Execution by elephant was a common method of capital punishment in South and Southeast Asia, particularly in India, where Asian elephants were used to crush, dismember or torture captives in public executions. The animals were trained and versatile, able to kill victims immediately or to torture them slowly over a prolonged period. Most commonly employed by royalty, the elephants were used to signify both the ruler’s absolute power and his ability to control wild animals.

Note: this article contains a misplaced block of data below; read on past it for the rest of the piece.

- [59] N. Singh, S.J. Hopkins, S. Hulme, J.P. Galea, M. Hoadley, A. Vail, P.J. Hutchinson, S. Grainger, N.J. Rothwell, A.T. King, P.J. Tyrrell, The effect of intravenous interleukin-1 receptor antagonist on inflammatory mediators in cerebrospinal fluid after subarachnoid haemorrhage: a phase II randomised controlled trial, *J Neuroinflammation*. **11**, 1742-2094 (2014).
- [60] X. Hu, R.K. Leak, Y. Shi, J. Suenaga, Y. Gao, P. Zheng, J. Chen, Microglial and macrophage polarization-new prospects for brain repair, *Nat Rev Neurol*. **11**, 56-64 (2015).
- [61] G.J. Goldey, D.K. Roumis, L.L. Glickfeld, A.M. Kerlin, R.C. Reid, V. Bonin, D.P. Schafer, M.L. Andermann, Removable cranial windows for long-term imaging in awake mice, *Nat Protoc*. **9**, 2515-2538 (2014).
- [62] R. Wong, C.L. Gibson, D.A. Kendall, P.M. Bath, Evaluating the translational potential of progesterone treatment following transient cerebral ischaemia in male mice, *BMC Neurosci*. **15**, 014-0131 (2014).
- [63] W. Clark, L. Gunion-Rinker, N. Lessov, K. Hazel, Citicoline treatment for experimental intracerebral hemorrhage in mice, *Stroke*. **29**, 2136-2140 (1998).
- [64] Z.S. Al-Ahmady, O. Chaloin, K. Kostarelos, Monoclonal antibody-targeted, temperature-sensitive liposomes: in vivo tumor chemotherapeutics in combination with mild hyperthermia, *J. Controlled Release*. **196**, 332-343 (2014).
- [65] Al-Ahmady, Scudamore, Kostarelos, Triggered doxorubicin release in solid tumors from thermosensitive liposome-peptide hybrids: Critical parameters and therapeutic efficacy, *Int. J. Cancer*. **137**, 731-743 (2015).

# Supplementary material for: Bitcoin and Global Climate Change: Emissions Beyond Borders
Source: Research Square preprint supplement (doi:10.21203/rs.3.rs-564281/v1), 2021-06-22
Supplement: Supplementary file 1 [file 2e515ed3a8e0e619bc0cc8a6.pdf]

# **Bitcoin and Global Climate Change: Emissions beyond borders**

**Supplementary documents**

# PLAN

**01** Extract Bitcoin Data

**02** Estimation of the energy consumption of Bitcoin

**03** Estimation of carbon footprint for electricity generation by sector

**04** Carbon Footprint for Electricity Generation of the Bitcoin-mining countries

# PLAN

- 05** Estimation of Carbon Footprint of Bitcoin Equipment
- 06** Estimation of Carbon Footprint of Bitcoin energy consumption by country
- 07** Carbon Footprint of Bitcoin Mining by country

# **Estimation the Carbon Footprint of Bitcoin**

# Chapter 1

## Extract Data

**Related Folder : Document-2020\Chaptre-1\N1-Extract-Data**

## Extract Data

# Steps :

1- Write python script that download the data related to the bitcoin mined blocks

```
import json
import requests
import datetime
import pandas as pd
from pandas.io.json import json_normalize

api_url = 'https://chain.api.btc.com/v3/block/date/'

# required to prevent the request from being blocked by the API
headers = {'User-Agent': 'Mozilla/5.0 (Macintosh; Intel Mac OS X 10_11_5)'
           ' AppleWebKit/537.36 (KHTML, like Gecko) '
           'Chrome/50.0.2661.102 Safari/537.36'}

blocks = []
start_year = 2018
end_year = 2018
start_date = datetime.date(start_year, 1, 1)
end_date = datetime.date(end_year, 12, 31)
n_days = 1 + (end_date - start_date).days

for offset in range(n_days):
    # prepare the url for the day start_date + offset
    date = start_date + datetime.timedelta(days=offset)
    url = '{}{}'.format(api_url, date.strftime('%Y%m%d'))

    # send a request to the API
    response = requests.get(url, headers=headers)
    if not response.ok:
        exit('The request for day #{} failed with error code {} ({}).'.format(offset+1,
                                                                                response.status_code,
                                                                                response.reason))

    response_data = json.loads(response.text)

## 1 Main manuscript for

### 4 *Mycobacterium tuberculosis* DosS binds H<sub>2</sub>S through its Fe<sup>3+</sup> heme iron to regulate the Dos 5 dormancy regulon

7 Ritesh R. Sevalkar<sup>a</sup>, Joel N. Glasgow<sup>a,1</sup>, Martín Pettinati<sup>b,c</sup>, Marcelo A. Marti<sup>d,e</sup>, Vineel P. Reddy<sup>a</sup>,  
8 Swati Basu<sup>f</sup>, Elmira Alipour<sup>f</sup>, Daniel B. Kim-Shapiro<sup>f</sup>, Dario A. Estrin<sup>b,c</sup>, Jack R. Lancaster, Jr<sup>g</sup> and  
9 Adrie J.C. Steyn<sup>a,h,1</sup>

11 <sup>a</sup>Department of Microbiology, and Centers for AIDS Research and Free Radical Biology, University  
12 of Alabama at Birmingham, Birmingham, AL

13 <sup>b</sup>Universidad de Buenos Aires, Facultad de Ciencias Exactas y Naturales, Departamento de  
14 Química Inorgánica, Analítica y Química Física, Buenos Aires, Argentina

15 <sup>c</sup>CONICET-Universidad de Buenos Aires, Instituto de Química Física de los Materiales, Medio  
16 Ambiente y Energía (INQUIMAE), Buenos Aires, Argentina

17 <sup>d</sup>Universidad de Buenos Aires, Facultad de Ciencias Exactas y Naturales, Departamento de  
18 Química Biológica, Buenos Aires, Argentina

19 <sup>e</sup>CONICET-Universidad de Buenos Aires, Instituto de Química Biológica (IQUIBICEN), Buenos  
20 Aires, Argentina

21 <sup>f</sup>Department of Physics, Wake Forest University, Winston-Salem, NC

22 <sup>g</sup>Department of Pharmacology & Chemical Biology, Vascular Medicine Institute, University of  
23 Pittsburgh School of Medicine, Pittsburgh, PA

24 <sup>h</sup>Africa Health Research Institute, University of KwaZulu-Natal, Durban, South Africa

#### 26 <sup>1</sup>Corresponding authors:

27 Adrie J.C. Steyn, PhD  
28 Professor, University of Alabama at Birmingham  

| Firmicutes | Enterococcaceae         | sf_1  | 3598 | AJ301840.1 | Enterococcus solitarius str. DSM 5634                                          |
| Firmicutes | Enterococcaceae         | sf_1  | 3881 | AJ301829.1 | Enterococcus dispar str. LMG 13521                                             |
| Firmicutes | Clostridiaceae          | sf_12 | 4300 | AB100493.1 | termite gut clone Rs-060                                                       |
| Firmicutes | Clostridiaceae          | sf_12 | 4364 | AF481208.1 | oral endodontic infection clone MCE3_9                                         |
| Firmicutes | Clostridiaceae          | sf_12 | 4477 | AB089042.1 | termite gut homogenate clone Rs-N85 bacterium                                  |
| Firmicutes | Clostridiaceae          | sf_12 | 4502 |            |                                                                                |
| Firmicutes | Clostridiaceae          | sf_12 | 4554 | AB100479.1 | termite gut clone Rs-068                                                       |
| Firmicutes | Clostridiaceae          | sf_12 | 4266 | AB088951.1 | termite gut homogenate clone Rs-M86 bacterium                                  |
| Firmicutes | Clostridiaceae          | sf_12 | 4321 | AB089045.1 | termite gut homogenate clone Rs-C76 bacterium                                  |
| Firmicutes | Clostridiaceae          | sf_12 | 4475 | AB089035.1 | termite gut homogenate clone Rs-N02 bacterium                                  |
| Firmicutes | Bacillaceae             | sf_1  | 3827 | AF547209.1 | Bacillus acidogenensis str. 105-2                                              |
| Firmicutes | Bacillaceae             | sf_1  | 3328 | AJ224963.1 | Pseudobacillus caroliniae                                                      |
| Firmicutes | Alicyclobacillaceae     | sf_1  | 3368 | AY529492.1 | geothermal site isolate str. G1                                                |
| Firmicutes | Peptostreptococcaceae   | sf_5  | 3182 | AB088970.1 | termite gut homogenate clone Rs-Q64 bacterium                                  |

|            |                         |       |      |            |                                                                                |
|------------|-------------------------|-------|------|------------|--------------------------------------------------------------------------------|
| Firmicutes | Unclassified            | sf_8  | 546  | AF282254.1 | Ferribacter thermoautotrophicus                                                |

The sight of elephants executing captives both horrified and attracted the interest of European travellers and was recorded in numerous contemporary journals and accounts of life in Asia. The practice was eventually suppressed by the European empires that colonised the region in the 18th and 19th centuries. While primarily confined to Asia, the practice was occasionally adopted by Western powers, such as Ancient Rome and Carthage, particularly to deal with mutinous soldiers.